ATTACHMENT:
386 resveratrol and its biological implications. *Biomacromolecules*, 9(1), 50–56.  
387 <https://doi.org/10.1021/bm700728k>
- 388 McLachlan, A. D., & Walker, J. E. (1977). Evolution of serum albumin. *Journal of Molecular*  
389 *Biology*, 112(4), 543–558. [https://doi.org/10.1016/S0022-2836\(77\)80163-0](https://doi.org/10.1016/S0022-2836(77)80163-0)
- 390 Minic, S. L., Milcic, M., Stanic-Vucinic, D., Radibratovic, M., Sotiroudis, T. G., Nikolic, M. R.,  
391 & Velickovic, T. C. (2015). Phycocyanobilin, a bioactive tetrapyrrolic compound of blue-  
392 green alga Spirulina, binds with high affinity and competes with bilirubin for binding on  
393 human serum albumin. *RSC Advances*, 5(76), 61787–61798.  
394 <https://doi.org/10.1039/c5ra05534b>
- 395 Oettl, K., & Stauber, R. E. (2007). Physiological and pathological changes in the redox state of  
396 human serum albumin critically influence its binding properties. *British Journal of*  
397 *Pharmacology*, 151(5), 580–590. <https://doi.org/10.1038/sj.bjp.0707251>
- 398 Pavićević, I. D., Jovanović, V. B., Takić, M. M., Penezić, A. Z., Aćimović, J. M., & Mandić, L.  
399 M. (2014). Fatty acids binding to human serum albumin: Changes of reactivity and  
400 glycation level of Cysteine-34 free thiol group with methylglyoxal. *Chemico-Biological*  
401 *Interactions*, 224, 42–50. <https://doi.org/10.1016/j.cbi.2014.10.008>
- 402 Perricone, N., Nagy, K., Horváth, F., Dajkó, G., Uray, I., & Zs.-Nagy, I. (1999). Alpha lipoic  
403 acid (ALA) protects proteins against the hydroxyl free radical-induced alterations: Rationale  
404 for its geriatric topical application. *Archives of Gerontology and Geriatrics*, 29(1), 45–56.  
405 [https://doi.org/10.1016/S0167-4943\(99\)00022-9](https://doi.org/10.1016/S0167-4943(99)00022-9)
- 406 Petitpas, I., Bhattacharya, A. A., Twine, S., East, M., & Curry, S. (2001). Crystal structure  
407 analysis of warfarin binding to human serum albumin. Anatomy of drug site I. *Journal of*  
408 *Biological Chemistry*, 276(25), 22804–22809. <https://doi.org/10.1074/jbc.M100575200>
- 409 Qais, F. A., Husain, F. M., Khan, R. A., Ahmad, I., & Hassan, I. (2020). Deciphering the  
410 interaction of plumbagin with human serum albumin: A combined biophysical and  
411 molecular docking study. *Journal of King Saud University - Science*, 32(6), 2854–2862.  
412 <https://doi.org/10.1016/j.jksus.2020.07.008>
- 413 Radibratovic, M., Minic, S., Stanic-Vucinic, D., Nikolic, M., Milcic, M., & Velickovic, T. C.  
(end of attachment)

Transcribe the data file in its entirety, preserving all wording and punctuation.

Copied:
386 resveratrol and its biological implications. *Biomacromolecules*, 9(1), 50–56.  
387 <https://doi.org/10.1021/bm700728k>
- 388 McLachlan, A. D., & Walker, J. E. (1977). Evolution of serum albumin. *Journal of Molecular*  
389 *Biology*, 112(4), 543–558. [https://doi.org/10.1016/S0022-2836\(77\)80163-0](https://doi.org/10.1016/S0022-2836(77)80163-0)
- 390 Minic, S. L., Milcic, M., Stanic-Vucinic, D., Radibratovic, M., Sotiroudis, T. G., Nikolic, M. R.,  
391 & Velickovic, T. C. (2015). Phycocyanobilin, a bioactive tetrapyrrolic compound of blue-  
392 green alga Spirulina, binds with high affinity and competes with bilirubin for binding on  
393 human serum albumin. *RSC Advances*, 5(76), 61787–61798.  
394 <https://doi.org/10.1039/c5ra05534b>
- 395 Oettl, K., & Stauber, R. E. (2007). Physiological and pathological changes in the redox state of  
396 human serum albumin critically influence its binding properties. *British Journal of*  
397 *Pharmacology*, 151(5), 580–590. <https://doi.org/10.1038/sj.bjp.0707251>
- 398 Pavićević, I. D., Jovanović, V. B., Takić, M. M., Penezić, A. Z., Aćimović, J. M., & Mandić, L.  
399 M. (2014). Fatty acids binding to human serum albumin: Changes of reactivity and  
400 glycation level of Cysteine-34 free thiol group with methylglyoxal. *Chemico-Biological*  
401 *Interactions*, 224, 42–50. <https://doi.org/10.1016/j.cbi.2014.10.008>
- 402 Perricone, N., Nagy, K., Horváth, F., Dajkó, G., Uray, I., & Zs.-Nagy, I. (1999). Alpha lipoic  
403 acid (ALA) protects proteins against the hydroxyl free radical-induced alterations: Rationale  
404 for its geriatric topical application. *Archives of Gerontology and Geriatrics*, 29(1), 45–56.  
405 [https://doi.org/10.1016/S0167-4943\(99\)00022-9](https://doi.org/10.1016/S0167-4943(99)00022-9)
- 406 Petitpas, I., Bhattacharya, A. A., Twine, S., East, M., & Curry, S. (2001). Crystal structure  
407 analysis of warfarin binding to human serum albumin. Anatomy of drug site I. *Journal of*  
408 *Biological Chemistry*, 276(25), 22804–22809. <https://doi.org/10.1074/jbc.M100575200>
- 409 Qais, F. A., Husain, F. M., Khan, R. A., Ahmad, I., & Hassan, I. (2020). Deciphering the  
410 interaction of plumbagin with human serum albumin: A combined biophysical and  
411 molecular docking study. *Journal of King Saud University - Science*, 32(6), 2854–2862.  
412 <https://doi.org/10.1016/j.jksus.2020.07.008>
- 413 Radibratovic, M., Minic, S., Stanic-Vucinic, D., Nikolic, M., Milcic, M., & Velickovic, T. C.  